In this fascinating book, Edward Said looks at the creative contradictions that often mark the late works of literary and musical artists. Said shows how the approaching death of an artist can make its way into his work, examining essays, poems, novels, films, and operas by such artists as Beethoven, Genet, Mozart, Lampedusa, Euripides, Cavafy, and Mann, among others. He uncovers the conflicts and complexity that often distinguish artistic lateness, resulting in works that stood in direct contrast to what was popular at the time and were forerunners of what was to come in each artist's discipline–works of true genius. Eloquent and impassioned, brilliantly reasoned and revelatory, On Late Style is Edward Said's own great last work.
From the Trade Paperback edition.
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|Title of eBook: On Late Style|
|Release Date: 12-10-2008|
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On Late Style
The relationship between bodily condition and aesthetic style seems at first to be a subject so irrelevant and perhaps even trivial by comparison with the momentousness of life, mortality, medical science, and health, as to be quickly dismissed. Nevertheless, my contention is as follows: all of us, by virtue of the simple fact of being conscious, are involved in constantly thinking about and making something of our lives, self-making being one of the bases of history, which according to Ibn Khaldun and Vico, the great founders of the science of history, is essentially the product of human labor.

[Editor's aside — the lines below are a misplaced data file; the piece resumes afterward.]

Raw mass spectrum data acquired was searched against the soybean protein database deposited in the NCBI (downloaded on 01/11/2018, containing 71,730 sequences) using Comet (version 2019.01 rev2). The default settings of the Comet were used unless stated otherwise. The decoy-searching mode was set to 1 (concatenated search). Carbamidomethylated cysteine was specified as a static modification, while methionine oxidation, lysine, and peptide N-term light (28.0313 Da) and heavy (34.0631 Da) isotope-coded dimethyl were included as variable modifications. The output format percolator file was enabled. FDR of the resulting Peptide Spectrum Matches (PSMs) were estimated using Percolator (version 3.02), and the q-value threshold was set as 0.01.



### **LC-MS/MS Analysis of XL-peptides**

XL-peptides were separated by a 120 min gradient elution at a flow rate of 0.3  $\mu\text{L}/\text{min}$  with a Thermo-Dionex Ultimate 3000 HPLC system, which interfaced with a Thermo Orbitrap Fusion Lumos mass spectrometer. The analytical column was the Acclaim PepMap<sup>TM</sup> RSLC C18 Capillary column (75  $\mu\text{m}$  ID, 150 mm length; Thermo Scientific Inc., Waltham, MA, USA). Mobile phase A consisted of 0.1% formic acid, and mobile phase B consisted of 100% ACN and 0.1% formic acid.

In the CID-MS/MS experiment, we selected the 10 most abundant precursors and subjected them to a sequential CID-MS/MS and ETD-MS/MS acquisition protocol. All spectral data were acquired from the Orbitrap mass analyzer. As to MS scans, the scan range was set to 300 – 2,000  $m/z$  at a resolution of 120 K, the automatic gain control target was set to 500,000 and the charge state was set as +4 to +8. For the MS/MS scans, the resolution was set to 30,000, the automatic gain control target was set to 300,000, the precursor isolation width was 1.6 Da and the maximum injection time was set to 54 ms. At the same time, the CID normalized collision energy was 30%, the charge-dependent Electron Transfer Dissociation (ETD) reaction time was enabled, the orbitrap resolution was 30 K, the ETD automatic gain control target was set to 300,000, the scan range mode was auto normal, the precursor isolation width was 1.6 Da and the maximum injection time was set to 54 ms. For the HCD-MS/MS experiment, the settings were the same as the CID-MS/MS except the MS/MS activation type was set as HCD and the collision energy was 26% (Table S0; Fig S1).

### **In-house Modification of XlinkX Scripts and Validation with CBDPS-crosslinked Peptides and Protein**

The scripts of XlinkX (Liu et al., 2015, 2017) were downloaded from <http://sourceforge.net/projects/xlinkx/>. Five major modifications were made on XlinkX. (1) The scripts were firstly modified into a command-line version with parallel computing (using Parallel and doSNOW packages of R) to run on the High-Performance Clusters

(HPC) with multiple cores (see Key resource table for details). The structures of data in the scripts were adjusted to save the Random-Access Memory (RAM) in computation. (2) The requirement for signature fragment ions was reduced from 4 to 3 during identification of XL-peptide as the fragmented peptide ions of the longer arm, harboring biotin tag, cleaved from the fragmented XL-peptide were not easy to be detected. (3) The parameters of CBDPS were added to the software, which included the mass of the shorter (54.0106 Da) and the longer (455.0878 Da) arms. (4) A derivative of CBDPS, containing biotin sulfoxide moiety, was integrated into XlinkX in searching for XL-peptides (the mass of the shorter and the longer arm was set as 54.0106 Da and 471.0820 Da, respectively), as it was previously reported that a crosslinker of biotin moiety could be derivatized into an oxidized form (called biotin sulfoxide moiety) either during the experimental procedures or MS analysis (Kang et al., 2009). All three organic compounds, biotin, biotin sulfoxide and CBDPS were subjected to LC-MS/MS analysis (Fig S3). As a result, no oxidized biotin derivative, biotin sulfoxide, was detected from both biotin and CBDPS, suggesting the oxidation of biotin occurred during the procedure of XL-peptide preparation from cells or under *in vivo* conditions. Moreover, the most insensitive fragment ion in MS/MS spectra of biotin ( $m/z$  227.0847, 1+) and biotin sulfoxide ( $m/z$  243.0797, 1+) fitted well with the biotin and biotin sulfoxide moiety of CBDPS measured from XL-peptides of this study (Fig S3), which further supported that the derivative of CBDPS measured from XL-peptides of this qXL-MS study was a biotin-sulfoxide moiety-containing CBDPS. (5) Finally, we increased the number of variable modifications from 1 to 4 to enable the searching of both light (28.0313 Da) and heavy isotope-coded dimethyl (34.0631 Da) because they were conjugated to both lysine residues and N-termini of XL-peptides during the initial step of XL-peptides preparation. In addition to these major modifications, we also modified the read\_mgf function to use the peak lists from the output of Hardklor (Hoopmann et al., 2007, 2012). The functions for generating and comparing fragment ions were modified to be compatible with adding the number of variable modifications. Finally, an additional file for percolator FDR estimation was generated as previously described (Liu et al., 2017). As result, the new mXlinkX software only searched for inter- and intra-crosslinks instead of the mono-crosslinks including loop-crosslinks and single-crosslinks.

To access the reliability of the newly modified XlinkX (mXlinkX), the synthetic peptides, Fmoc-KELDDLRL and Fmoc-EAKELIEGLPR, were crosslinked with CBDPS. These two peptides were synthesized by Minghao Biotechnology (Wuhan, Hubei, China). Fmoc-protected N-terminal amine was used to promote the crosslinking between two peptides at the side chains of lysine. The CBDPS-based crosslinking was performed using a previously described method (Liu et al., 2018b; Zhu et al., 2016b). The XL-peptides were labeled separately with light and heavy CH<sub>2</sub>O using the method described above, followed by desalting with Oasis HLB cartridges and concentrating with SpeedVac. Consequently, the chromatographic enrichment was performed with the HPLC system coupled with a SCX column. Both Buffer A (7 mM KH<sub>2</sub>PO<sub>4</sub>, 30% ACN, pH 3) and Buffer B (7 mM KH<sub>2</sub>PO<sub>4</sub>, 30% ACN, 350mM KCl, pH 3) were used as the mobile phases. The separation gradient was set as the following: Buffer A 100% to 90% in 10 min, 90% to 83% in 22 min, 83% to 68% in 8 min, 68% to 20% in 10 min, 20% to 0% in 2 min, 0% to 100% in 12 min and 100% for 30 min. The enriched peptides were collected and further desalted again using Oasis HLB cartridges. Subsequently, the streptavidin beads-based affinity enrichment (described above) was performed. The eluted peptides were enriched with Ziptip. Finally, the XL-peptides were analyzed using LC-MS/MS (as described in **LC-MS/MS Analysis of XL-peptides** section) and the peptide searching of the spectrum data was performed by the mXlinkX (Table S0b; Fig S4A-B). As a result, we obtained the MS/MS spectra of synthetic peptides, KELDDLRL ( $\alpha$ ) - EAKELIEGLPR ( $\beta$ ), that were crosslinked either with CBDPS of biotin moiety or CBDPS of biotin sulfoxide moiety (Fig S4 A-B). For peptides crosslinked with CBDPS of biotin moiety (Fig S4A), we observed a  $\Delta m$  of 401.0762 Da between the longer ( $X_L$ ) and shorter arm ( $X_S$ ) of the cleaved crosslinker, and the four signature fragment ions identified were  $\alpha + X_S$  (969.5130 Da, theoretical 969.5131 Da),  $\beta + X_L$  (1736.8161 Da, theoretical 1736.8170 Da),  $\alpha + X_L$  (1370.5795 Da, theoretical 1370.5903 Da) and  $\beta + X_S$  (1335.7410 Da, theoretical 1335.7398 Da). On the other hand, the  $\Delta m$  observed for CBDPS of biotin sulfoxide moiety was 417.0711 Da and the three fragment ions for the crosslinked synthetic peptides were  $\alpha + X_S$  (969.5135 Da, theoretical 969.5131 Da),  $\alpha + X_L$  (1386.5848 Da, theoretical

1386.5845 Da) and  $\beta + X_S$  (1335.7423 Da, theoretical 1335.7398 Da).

The important distinction therefore is that between the realm of nature on the one hand and secular human history on the other. The body, its health, its care, composition, functioning, and flourishing, its illnesses and demise, belong to the order of nature; what we understand of that nature, however, how we see and live it in our consciousness, how we create a sense of our life individually and collectively, subjectively as well as socially, how we divide it into periods, belongs roughly speaking to the order of history that when we reflect on it we can recall, analyze, and meditate on, constantly changing its shape in the process. There are all sorts of connections between the two realms, between history and nature, but for now I want to keep them apart and focus only on one of them, history.
Being myself a profoundly secular person, I have for years been studying this self-making process through three great problematics, three great human episodes common to all cultures and traditions, and it is the third of these problematics that I want spec...